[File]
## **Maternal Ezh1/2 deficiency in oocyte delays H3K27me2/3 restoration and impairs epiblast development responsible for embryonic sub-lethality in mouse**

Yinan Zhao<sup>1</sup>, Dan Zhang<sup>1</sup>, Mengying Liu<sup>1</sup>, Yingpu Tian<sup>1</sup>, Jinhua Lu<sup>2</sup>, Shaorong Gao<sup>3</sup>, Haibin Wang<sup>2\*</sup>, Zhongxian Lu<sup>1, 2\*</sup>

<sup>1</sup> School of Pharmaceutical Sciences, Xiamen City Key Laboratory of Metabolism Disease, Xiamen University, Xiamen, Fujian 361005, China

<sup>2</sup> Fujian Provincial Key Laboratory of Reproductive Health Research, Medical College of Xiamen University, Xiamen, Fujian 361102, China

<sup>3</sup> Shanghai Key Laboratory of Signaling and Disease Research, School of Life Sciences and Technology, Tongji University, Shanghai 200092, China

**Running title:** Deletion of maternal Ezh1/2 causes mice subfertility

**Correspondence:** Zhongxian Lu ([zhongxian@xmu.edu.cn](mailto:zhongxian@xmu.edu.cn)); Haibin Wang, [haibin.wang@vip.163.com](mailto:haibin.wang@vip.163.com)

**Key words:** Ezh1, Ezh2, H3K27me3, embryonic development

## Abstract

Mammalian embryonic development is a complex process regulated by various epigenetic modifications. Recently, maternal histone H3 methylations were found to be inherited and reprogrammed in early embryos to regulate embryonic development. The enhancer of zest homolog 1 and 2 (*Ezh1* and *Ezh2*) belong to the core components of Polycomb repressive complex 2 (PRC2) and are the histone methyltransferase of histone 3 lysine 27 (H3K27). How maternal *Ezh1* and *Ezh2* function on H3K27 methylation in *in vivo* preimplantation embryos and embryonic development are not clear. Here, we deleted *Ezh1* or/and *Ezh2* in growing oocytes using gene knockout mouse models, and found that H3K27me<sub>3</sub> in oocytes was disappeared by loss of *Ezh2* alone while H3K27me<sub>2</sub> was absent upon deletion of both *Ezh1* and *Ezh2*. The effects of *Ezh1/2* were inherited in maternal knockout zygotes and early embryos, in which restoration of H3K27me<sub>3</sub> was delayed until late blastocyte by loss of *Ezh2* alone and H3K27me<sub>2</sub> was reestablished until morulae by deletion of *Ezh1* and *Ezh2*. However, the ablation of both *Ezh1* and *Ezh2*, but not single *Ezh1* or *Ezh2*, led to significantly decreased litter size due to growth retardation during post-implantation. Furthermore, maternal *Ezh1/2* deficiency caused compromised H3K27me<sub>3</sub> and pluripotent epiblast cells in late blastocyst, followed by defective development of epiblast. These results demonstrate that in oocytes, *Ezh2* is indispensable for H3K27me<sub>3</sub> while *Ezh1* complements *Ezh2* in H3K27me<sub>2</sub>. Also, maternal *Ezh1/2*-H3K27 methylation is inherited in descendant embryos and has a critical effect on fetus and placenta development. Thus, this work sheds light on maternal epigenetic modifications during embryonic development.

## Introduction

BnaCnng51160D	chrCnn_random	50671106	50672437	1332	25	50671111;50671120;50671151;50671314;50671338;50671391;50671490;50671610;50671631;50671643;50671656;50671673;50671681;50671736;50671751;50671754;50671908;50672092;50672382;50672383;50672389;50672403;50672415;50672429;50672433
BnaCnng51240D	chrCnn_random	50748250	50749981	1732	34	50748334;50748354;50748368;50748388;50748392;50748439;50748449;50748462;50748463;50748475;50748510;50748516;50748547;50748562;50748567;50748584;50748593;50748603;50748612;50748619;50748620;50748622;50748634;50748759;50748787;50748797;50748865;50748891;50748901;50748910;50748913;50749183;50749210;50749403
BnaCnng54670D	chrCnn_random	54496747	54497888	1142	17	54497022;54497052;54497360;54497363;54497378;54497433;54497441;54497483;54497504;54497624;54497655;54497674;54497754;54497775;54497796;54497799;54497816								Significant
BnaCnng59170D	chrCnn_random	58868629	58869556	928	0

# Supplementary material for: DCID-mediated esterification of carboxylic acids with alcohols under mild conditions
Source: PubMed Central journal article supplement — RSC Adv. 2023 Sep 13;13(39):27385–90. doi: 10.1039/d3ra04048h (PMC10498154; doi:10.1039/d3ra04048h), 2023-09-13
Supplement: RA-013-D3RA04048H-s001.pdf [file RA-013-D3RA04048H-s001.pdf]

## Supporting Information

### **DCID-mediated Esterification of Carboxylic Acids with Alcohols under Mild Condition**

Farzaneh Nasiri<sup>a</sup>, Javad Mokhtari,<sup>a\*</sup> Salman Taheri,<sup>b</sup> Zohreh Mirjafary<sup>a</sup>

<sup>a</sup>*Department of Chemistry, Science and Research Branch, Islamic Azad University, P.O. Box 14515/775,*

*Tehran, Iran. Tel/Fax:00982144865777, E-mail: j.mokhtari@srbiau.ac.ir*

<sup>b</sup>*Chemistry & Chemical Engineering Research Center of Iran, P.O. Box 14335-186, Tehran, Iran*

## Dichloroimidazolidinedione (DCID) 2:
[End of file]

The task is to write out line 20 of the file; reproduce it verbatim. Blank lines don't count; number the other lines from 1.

### **DCID-mediated Esterification of Carboxylic Acids with Alcohols under Mild Condition**